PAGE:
The Porter County Commissioners are in the midst of some major restructuring
of the fees assessed to those in the food service industry.
The Commissioners voted 3-0 last week on a first reading for the new fees
that will be administered by the County Health Department.
The fees have not been updated in nearly a decade and a half, said County
Health Board Attorney David Hollenbeck who approached the Commissioners
about making the updates.
“I’m somewhat embarrassed to say we haven’t done this since 1999, and there
have been some significant changes in different areas that are forcing us to
proceed,” Hollenbeck said.
The new fee structure will simplify the older system, Hollenbeck said, by
issuing permits and fees based on square footage instead of by restaurant or
by grocery store where in some cases those distinctions were not always
clear. It will also help the health department become financially
self-sufficient in conducting inspections.
The same is being done in adjacent counties, Hollenbeck said.
The structure will divided into three categories -- businesses less than
3,000 sq. ft. who would be charged $200 for annual inspection; business
between 3,000 and 10,000 sq. ft. who would be charged $350 per annual
inspection; and businesses more than 10,000 who would be charged $500 per
Under the older system, full-service restaurants have been charged $220 for
a permit while grocery stores have been charged $440.
Hollenbeck said the new ordinance recognizes all affiliated businesses as
“retail food establishments” instead of defining a grocery store and a
Under the County’s home rule authority, the Health Department can issue
temporary permits on a daily basis for events like the county fair or a
There will also be a partial food service establishment permit for seasonal
restaurants such as The Port in Chesterton and a limited retail food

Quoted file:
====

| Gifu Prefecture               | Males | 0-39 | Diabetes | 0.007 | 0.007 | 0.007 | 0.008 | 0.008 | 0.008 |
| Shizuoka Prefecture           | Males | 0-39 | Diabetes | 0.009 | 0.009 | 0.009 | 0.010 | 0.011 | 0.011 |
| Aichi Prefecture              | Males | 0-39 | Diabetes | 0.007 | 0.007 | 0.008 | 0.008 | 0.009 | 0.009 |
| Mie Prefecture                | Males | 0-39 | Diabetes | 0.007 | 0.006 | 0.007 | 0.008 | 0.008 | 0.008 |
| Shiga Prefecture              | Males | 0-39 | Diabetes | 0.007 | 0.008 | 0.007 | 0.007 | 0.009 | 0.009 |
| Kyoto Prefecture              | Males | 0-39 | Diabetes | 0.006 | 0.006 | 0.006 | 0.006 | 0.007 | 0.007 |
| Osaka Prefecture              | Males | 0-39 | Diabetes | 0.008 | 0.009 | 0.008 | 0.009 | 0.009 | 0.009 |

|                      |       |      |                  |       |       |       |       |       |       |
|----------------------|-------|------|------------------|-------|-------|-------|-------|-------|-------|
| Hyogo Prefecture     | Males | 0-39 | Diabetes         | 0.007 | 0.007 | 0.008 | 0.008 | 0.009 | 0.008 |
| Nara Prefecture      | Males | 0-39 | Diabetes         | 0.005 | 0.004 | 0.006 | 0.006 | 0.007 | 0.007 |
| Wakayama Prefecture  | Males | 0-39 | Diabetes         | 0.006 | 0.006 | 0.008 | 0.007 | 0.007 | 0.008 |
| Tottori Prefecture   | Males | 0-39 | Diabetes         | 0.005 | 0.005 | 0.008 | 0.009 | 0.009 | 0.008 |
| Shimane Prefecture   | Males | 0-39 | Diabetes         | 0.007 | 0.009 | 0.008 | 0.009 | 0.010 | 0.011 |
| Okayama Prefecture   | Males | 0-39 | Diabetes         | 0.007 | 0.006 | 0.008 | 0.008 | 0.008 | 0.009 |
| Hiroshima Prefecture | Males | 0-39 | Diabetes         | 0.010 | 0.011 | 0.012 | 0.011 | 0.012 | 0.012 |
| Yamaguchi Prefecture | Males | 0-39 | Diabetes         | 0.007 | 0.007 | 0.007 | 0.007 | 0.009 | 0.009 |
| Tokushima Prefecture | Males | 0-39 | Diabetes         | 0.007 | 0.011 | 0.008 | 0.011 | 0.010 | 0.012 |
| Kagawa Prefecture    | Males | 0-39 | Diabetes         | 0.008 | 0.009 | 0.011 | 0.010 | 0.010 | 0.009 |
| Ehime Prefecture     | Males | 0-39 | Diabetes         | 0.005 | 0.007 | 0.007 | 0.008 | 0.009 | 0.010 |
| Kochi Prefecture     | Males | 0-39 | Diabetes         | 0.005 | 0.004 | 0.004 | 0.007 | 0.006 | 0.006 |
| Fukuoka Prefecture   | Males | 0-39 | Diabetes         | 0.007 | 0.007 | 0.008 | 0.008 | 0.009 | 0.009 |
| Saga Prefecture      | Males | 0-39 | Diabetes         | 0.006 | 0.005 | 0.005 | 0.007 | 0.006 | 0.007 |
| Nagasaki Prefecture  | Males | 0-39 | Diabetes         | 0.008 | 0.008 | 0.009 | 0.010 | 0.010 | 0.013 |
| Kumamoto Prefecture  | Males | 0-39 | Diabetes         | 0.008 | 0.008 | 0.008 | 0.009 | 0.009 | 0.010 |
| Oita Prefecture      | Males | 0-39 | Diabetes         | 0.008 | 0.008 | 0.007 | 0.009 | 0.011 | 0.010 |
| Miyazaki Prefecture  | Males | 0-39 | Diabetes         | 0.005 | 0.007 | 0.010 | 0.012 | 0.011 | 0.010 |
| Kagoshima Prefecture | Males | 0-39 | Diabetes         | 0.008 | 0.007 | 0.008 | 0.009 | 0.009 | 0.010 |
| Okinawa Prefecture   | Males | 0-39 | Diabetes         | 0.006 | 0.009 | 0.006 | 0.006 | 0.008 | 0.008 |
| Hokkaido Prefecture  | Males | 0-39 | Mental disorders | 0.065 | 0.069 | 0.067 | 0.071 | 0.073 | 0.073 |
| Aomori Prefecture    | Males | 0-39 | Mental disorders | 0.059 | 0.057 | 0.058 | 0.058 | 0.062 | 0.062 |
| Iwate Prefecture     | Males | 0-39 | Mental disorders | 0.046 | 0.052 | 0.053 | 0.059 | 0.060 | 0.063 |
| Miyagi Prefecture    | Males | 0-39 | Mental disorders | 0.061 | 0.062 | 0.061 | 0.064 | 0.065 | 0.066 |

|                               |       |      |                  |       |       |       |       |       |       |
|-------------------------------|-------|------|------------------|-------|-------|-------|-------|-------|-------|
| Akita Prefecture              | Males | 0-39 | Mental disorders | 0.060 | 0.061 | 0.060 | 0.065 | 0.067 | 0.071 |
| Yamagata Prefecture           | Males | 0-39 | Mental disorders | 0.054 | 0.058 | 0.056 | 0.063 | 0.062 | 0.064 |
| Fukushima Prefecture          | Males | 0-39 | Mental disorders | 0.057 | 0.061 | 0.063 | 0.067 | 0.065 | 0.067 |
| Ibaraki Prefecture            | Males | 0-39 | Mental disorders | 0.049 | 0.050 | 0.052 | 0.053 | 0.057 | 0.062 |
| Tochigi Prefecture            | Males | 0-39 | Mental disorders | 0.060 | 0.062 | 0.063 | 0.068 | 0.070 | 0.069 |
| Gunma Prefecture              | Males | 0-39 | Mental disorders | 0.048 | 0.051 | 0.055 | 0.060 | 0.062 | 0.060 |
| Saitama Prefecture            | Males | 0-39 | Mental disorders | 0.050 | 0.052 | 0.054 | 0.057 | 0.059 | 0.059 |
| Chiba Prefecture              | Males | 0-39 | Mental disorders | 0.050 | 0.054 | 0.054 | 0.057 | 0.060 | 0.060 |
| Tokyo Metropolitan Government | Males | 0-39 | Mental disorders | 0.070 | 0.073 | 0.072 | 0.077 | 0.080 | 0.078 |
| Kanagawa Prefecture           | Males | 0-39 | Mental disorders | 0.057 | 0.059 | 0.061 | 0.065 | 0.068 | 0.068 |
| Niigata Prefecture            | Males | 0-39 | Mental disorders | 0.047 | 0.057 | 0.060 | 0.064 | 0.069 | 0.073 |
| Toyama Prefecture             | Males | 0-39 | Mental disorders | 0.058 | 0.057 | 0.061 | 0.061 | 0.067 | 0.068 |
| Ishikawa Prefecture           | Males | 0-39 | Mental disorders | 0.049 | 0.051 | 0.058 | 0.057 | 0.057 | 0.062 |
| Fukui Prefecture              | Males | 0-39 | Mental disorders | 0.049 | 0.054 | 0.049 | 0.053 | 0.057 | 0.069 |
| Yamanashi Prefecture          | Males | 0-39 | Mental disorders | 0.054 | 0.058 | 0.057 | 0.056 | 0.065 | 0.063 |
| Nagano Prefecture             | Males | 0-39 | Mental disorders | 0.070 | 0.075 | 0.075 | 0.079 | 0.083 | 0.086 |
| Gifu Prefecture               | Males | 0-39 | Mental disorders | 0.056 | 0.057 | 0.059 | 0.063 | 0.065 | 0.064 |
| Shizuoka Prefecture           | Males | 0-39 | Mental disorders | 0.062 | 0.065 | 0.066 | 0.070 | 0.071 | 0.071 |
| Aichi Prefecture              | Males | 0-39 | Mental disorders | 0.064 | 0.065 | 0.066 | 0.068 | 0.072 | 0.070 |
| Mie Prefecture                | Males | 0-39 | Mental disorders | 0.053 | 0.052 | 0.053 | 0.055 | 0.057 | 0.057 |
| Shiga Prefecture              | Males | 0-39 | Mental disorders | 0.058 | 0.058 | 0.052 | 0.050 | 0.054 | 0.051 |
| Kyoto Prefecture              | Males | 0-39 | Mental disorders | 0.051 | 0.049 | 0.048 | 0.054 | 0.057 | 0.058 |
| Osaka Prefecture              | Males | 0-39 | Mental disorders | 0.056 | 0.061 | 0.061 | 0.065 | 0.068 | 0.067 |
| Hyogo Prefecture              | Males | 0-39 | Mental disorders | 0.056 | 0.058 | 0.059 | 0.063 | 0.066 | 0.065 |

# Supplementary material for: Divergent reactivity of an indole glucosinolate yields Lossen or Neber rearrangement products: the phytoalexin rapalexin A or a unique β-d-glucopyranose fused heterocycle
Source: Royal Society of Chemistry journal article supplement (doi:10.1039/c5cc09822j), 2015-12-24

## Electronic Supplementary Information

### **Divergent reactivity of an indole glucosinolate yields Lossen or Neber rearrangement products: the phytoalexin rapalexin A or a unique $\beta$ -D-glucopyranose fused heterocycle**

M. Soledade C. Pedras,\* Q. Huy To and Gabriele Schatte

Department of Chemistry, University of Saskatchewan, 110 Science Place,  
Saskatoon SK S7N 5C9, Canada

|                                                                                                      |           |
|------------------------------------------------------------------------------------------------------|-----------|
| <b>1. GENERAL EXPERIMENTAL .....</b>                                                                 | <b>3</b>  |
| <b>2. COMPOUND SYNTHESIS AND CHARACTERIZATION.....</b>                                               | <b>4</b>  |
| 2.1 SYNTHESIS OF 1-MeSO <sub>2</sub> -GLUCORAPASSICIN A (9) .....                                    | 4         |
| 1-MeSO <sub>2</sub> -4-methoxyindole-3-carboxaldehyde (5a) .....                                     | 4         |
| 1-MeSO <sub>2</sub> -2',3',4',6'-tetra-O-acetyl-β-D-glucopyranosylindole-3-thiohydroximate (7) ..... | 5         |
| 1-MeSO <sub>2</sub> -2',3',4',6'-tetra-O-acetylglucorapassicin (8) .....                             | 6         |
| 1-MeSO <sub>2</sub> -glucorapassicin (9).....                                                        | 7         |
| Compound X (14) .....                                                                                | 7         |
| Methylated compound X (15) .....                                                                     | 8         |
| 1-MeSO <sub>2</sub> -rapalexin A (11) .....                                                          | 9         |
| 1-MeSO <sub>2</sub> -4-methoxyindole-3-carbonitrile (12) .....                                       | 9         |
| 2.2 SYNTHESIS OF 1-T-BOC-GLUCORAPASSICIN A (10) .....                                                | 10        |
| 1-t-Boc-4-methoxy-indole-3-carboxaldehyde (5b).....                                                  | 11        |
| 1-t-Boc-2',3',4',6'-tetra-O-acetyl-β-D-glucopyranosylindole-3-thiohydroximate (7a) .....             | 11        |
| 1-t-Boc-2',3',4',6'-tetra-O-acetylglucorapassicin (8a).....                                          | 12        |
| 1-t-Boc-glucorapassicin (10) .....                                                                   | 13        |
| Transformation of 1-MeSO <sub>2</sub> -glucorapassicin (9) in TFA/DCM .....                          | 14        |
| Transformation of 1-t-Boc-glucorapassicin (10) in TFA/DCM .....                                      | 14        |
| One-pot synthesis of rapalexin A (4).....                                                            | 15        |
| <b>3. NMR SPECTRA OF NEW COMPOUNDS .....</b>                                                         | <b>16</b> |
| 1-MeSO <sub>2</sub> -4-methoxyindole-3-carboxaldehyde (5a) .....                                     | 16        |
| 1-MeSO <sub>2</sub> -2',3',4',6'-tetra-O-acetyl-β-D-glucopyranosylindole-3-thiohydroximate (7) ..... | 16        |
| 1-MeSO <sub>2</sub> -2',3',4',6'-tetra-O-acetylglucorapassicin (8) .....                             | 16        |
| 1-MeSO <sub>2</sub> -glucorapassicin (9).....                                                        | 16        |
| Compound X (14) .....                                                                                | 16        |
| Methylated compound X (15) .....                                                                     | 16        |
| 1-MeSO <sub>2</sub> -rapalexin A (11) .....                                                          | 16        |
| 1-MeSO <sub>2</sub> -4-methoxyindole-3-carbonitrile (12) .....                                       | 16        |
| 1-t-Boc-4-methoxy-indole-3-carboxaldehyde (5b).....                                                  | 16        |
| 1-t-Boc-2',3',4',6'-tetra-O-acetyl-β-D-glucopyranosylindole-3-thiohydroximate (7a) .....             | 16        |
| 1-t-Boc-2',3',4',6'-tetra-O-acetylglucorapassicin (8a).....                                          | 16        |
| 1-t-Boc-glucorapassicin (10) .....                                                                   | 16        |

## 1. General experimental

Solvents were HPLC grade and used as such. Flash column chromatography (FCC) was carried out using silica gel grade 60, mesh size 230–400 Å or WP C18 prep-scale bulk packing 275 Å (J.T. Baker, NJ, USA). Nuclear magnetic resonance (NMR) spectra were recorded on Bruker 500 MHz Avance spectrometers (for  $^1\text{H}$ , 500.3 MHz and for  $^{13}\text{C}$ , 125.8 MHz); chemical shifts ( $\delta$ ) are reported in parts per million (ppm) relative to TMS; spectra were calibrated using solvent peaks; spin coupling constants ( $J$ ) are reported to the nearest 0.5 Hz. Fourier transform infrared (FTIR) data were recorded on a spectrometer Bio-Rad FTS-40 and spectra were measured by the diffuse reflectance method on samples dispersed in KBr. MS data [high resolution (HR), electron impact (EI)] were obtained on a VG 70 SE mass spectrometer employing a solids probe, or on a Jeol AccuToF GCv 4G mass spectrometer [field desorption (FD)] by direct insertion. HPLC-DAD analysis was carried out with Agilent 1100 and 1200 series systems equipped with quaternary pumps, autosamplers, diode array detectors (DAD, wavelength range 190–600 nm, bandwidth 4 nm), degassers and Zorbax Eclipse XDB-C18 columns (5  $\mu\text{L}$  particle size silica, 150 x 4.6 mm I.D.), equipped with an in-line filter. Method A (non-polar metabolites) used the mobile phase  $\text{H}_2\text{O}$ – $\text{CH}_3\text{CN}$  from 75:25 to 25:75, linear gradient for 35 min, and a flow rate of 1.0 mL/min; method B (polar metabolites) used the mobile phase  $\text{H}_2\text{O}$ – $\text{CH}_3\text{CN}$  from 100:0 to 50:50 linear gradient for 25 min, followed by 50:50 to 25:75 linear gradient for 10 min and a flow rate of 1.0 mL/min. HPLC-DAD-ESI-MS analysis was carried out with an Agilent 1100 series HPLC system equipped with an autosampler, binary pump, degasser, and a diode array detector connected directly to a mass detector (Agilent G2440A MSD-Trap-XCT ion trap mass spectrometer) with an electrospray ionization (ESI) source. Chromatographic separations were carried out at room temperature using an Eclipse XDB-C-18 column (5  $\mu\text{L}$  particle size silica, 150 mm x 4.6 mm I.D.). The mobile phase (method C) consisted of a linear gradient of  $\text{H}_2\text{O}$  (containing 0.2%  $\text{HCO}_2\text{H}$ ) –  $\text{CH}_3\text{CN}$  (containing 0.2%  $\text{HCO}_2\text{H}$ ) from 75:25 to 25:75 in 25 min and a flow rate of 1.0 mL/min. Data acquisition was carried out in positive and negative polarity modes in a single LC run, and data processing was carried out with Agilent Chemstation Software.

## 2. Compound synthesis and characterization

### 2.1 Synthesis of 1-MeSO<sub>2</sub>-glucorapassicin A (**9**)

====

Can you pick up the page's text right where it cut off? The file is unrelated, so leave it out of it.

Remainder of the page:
establishment permit to inspect establishments that don’t have full service
kitchens but sell prepackaged foods.
Since 1999, the food industry in Porter County has burgeoned from having 350
businesses to more than 750 presently, Hollenbeck said. It costs the County
Health Department $125,000 annually to inspect the restaurants and
businesses in 1999; today it costs about $185,000, he said.
“There is a shortfall there and our proposed ordinance will close that
shortfall,” said Hollenbeck. “We were told by the Commissioners and the
County Council this is the kind of program that should be self-sufficient,
that it should generate enough revenue from the fees and pay for itself.”
Health Department Administrator Keith Letta said there are three full-time
and one part-time inspector on staff currently, while in 1999 there were two
full-time, meaning the work has doubled while the staffing hasn’t.
The fees collected in the past related to the number of employees a business
has. Hollenbeck said that it has become increasing difficult to apply an
accurate employee number as the industry continues to change and more
establishments are hiring more part-time workers.
The health department has experienced some difficulty in collecting fees,
Hollenbeck said, and one thing included in the new proposal is to “give it a
little more meat” by delegating the health officer to formulate a delinquent
payment system for establishments late on their payments.
Commissioner Nancy Adams, R-Center, asked how the health board decided on
the parameters of the square footage. Adams had co-owned Strongbow Inn
Bakery and Restaurant, which is one of the businesses that have more than
10,000 sq. ft.
Inspectors Juanita Goepcheus and Sheila Paul said they discovered that most
of the restaurants fit the 3,000 sq. ft. category while there are some that
did fall into the 3,000 to 10,000 sq. ft. range. Only rarely did restaurants
exceed 10,000 sq. ft. limit and those would be the ones with large banquet
halls such as Strongbow’s.
Large grocery stores and supermarkets also fell into the latter category,
Hollenbeck said that grocery stores which had restaurants inside of them
typically had to pay the health department for two permits, but the new
ordinance will allow them to combine them into one, which is also reflected
in the state’s regulations.
“We did find the need to simplify the whole thing because it was very
complicated,” added Letta.
Hollenbeck said the Commissioners can also decide to make changes if they
wish. A final reading of the ordinance will be given when the Commissioners
meet on Oct. 15.
“Our goal is to bring this in compliance with the state’s regulations,
simplify the process, and to realign ourselves as a self-sufficient,
self-supporting program so tax dollars aren’t being used to subsidize the
inspections,” Hollenbeck said.